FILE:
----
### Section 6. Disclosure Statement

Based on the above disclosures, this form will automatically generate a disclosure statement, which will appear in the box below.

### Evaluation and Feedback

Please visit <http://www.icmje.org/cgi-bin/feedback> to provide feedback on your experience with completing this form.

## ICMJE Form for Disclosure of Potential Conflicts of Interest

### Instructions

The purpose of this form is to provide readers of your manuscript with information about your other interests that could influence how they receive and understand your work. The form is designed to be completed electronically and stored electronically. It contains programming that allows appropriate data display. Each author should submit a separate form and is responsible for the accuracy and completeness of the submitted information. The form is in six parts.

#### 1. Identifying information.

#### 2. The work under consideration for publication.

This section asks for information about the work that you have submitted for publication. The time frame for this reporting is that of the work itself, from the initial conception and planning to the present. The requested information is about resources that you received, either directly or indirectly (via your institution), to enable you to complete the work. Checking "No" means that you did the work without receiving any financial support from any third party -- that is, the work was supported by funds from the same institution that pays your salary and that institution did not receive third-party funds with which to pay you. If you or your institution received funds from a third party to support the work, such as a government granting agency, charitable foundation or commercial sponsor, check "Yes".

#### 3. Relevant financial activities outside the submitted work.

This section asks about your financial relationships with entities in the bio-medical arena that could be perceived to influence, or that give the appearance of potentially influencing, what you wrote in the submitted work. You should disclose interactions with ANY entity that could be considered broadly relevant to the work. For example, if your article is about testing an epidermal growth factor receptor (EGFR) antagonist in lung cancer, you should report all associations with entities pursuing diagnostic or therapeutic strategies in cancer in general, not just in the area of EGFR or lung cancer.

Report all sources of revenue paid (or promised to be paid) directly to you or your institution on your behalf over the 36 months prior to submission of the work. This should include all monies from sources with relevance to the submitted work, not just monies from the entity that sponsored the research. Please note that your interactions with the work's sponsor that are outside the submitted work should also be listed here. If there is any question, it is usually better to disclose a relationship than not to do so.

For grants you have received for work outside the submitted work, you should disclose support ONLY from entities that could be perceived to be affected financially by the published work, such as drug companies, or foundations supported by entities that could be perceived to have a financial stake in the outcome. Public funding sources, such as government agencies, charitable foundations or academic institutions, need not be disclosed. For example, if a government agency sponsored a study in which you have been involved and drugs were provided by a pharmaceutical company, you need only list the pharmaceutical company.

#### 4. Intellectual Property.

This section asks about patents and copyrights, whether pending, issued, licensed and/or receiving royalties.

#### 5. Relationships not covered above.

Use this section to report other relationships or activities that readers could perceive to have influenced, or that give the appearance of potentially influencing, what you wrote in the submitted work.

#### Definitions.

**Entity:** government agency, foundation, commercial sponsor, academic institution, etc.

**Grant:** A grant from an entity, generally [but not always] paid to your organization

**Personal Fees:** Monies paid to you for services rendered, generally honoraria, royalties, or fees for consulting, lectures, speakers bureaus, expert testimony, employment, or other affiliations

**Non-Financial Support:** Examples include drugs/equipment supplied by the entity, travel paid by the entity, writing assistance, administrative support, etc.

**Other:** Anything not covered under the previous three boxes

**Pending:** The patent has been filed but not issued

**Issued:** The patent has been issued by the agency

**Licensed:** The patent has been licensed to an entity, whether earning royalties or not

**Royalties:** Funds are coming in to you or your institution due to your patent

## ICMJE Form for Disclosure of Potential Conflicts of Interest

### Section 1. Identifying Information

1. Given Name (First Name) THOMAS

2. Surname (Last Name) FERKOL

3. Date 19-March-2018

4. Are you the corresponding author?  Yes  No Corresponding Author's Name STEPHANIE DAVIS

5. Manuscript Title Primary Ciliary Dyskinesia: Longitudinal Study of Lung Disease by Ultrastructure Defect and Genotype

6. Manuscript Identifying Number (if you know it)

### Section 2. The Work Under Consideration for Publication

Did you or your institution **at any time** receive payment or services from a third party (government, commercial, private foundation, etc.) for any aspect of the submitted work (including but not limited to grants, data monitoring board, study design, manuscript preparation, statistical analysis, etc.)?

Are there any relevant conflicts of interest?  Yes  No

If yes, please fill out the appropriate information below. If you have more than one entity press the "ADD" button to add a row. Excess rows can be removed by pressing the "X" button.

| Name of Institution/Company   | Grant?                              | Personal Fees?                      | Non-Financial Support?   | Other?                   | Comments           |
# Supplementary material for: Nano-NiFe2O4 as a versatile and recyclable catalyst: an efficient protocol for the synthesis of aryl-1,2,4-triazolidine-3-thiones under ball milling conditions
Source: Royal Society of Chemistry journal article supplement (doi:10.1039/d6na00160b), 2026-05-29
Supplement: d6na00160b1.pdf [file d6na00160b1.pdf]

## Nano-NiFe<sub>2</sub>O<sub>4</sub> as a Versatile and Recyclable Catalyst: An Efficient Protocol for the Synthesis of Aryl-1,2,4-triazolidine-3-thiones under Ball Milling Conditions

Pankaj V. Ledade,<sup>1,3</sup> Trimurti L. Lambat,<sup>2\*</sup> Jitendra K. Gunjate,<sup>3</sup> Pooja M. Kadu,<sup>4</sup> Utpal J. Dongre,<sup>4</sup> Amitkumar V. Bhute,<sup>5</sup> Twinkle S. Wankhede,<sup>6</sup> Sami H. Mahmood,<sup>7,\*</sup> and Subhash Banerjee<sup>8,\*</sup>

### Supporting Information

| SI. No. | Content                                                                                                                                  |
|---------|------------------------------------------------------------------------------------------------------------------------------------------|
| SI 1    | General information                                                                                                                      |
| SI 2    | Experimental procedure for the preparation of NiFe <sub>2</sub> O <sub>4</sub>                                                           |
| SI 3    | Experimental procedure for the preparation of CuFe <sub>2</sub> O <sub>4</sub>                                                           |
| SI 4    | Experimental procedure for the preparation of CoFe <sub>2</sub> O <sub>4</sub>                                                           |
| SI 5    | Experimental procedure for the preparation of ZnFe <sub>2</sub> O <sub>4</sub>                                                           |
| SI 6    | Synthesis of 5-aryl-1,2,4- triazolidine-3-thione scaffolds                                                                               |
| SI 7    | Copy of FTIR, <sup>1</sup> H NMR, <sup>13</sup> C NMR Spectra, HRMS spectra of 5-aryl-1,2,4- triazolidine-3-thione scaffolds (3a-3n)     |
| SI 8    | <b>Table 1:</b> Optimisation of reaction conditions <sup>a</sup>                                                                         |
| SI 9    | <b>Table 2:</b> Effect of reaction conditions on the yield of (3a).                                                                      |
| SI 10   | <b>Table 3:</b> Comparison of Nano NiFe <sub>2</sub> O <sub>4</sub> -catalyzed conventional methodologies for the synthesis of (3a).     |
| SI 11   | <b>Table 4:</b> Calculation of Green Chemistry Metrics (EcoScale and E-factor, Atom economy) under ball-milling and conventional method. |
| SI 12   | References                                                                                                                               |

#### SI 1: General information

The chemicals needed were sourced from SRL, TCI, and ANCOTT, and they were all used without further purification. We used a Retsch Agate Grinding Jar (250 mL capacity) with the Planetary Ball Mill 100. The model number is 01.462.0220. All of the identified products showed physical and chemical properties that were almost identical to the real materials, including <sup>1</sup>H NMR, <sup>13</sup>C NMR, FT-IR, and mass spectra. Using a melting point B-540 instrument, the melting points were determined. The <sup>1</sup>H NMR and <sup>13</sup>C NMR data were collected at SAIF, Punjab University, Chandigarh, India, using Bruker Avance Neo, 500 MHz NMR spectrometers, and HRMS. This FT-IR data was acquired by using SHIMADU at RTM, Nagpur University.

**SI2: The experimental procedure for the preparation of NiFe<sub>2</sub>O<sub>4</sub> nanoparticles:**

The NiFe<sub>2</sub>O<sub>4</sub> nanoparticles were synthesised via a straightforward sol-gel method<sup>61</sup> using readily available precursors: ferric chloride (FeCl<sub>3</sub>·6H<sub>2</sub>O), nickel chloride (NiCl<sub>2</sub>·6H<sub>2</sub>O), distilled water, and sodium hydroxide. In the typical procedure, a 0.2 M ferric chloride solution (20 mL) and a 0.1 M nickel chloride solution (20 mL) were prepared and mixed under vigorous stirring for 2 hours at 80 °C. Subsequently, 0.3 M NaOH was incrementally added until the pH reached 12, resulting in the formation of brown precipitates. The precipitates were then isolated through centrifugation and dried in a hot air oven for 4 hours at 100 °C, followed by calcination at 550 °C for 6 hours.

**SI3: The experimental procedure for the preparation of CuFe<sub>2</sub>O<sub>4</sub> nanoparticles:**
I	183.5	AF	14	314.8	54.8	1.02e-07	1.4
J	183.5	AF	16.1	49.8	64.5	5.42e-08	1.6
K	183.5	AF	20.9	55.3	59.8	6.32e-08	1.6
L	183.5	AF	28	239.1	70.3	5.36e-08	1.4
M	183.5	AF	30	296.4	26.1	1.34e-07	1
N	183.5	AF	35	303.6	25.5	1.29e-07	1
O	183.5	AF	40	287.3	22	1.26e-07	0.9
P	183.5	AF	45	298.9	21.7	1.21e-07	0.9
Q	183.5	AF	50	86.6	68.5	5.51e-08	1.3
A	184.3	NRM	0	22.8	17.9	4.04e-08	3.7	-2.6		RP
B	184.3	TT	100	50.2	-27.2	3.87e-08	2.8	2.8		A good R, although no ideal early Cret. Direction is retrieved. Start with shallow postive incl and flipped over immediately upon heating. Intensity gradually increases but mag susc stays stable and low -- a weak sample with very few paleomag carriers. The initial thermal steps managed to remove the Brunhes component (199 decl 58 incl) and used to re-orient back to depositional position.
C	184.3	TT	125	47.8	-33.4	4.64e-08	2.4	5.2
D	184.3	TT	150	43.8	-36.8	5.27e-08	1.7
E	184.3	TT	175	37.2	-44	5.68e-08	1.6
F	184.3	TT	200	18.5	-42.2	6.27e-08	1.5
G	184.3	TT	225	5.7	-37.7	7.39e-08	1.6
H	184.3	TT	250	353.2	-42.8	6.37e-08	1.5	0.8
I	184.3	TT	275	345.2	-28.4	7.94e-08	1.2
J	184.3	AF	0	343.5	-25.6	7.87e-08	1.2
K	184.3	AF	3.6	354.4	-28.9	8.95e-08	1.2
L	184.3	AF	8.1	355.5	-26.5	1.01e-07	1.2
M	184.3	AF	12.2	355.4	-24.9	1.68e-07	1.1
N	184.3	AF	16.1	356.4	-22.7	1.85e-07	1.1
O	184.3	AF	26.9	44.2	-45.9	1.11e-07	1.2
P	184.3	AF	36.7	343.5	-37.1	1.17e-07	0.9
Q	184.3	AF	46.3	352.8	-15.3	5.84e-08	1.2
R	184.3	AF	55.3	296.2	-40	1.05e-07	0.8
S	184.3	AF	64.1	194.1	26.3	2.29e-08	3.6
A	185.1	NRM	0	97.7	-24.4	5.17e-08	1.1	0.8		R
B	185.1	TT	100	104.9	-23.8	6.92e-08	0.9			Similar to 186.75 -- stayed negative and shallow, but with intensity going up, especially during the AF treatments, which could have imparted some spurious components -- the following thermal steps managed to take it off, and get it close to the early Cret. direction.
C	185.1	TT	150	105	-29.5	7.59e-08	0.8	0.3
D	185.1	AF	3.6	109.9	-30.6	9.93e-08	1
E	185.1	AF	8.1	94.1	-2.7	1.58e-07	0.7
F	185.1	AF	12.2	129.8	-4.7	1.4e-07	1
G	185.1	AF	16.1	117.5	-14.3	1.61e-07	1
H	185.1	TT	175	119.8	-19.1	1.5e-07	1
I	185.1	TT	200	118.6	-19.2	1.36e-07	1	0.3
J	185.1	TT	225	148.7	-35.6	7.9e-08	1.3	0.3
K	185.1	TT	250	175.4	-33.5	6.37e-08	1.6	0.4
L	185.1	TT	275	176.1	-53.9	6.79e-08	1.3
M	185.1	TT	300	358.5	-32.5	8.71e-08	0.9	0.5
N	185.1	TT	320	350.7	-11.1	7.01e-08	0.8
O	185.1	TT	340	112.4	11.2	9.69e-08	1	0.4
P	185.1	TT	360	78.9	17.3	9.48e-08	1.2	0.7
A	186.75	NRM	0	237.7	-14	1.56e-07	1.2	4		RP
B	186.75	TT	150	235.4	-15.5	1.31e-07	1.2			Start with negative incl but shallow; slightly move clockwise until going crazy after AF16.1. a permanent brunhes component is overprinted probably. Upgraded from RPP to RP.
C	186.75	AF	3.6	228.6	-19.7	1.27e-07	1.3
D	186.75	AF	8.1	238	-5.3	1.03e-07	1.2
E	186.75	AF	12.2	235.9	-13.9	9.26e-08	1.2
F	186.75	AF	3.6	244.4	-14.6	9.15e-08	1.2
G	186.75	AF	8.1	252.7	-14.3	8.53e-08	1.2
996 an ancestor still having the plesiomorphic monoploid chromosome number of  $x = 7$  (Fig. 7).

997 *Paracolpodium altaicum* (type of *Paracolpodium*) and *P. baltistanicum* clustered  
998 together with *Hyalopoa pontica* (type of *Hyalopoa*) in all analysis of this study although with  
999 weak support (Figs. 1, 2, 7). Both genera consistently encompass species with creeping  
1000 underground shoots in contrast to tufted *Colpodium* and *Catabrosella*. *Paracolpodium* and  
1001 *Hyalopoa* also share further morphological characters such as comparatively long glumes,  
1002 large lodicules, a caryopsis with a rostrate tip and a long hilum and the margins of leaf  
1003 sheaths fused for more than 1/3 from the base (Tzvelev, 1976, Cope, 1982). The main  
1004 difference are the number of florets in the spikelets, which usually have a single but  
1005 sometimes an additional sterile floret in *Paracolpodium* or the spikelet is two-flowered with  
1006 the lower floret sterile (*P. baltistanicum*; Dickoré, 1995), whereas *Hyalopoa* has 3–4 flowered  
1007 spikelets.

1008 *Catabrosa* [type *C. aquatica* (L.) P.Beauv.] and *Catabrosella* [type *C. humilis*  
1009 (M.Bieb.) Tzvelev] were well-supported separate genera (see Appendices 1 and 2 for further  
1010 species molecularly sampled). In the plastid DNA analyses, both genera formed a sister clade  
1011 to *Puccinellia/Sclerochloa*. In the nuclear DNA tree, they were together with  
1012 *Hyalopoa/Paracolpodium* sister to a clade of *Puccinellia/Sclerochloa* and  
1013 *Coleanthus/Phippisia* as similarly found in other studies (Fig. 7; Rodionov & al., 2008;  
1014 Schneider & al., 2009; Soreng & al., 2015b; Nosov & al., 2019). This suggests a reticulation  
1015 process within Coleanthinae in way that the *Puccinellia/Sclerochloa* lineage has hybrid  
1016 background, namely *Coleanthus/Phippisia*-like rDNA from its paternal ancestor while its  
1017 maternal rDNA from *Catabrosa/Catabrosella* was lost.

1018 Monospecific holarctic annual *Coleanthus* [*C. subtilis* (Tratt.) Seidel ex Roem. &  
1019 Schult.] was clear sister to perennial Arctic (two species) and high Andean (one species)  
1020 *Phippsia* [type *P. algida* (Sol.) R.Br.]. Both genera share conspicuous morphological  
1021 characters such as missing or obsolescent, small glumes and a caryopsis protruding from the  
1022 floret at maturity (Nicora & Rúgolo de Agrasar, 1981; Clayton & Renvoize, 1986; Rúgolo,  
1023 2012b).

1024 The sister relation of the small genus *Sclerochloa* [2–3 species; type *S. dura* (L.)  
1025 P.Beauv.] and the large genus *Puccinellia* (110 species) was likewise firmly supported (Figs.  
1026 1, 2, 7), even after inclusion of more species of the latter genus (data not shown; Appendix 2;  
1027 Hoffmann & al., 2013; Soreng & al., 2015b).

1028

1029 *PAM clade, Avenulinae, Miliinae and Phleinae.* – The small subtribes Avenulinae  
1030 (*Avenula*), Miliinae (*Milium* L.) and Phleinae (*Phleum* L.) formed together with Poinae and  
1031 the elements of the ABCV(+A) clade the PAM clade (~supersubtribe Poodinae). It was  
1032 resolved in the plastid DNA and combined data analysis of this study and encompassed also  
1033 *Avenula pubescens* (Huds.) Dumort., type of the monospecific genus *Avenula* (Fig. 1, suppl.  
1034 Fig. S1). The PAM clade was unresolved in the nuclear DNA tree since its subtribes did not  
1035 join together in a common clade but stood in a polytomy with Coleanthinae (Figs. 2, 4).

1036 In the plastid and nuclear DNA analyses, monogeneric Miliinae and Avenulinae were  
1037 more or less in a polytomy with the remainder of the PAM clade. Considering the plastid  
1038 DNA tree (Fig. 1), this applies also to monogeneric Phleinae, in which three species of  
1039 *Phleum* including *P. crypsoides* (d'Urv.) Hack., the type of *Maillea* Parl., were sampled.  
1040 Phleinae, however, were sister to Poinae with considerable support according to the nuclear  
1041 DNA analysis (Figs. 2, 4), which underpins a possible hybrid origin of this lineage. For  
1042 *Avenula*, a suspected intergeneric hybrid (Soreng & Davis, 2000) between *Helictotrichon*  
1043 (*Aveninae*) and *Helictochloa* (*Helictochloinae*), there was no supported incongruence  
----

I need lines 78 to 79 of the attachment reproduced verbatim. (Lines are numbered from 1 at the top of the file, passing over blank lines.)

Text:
C	184.3	TT	125	47.8	-33.4	4.64e-08	2.4	5.2
D	184.3	TT	150	43.8	-36.8	5.27e-08	1.7